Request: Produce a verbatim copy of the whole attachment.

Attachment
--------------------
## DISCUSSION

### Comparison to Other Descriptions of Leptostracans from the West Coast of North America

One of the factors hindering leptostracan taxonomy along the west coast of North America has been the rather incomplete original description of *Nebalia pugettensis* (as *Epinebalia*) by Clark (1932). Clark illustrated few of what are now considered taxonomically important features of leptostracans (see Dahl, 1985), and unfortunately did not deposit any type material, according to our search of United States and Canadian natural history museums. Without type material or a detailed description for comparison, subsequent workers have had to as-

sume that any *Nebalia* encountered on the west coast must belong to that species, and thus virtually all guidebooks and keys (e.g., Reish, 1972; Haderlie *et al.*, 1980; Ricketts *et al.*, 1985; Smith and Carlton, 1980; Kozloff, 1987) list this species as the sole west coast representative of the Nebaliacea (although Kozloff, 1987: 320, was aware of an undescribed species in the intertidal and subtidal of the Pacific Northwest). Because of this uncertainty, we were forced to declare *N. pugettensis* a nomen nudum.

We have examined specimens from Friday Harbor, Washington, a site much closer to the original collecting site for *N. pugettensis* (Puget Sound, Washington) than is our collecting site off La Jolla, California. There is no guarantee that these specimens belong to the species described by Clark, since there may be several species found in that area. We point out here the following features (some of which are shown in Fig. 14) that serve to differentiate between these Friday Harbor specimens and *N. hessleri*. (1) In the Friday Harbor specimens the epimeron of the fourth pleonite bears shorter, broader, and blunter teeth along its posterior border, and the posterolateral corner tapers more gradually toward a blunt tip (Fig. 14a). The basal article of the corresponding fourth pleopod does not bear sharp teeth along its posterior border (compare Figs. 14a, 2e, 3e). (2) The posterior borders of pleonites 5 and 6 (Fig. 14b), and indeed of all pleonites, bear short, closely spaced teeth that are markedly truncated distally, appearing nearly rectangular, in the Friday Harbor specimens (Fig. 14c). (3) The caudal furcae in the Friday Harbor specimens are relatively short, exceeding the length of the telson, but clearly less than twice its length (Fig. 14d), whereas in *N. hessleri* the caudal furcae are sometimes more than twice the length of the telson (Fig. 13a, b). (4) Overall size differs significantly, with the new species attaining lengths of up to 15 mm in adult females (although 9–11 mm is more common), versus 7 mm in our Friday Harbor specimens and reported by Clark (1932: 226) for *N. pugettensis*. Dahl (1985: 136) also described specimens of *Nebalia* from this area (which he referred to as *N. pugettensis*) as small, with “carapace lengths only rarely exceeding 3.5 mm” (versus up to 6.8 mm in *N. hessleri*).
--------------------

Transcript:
## DISCUSSION

### Comparison to Other Descriptions of Leptostracans from the West Coast of North America

One of the factors hindering leptostracan taxonomy along the west coast of North America has been the rather incomplete original description of *Nebalia pugettensis* (as *Epinebalia*) by Clark (1932). Clark illustrated few of what are now considered taxonomically important features of leptostracans (see Dahl, 1985), and unfortunately did not deposit any type material, according to our search of United States and Canadian natural history museums. Without type material or a detailed description for comparison, subsequent workers have had to as-

sume that any *Nebalia* encountered on the west coast must belong to that species, and thus virtually all guidebooks and keys (e.g., Reish, 1972; Haderlie *et al.*, 1980; Ricketts *et al.*, 1985; Smith and Carlton, 1980; Kozloff, 1987) list this species as the sole west coast representative of the Nebaliacea (although Kozloff, 1987: 320, was aware of an undescribed species in the intertidal and subtidal of the Pacific Northwest). Because of this uncertainty, we were forced to declare *N. pugettensis* a nomen nudum.

We have examined specimens from Friday Harbor, Washington, a site much closer to the original collecting site for *N. pugettensis* (Puget Sound, Washington) than is our collecting site off La Jolla, California. There is no guarantee that these specimens belong to the species described by Clark, since there may be several species found in that area. We point out here the following features (some of which are shown in Fig. 14) that serve to differentiate between these Friday Harbor specimens and *N. hessleri*. (1) In the Friday Harbor specimens the epimeron of the fourth pleonite bears shorter, broader, and blunter teeth along its posterior border, and the posterolateral corner tapers more gradually toward a blunt tip (Fig. 14a). The basal article of the corresponding fourth pleopod does not bear sharp teeth along its posterior border (compare Figs. 14a, 2e, 3e). (2) The posterior borders of pleonites 5 and 6 (Fig. 14b), and indeed of all pleonites, bear short, closely spaced teeth that are markedly truncated distally, appearing nearly rectangular, in the Friday Harbor specimens (Fig. 14c). (3) The caudal furcae in the Friday Harbor specimens are relatively short, exceeding the length of the telson, but clearly less than twice its length (Fig. 14d), whereas in *N. hessleri* the caudal furcae are sometimes more than twice the length of the telson (Fig. 13a, b). (4) Overall size differs significantly, with the new species attaining lengths of up to 15 mm in adult females (although 9–11 mm is more common), versus 7 mm in our Friday Harbor specimens and reported by Clark (1932: 226) for *N. pugettensis*. Dahl (1985: 136) also described specimens of *Nebalia* from this area (which he referred to as *N. pugettensis*) as small, with “carapace lengths only rarely exceeding 3.5 mm” (versus up to 6.8 mm in *N. hessleri*).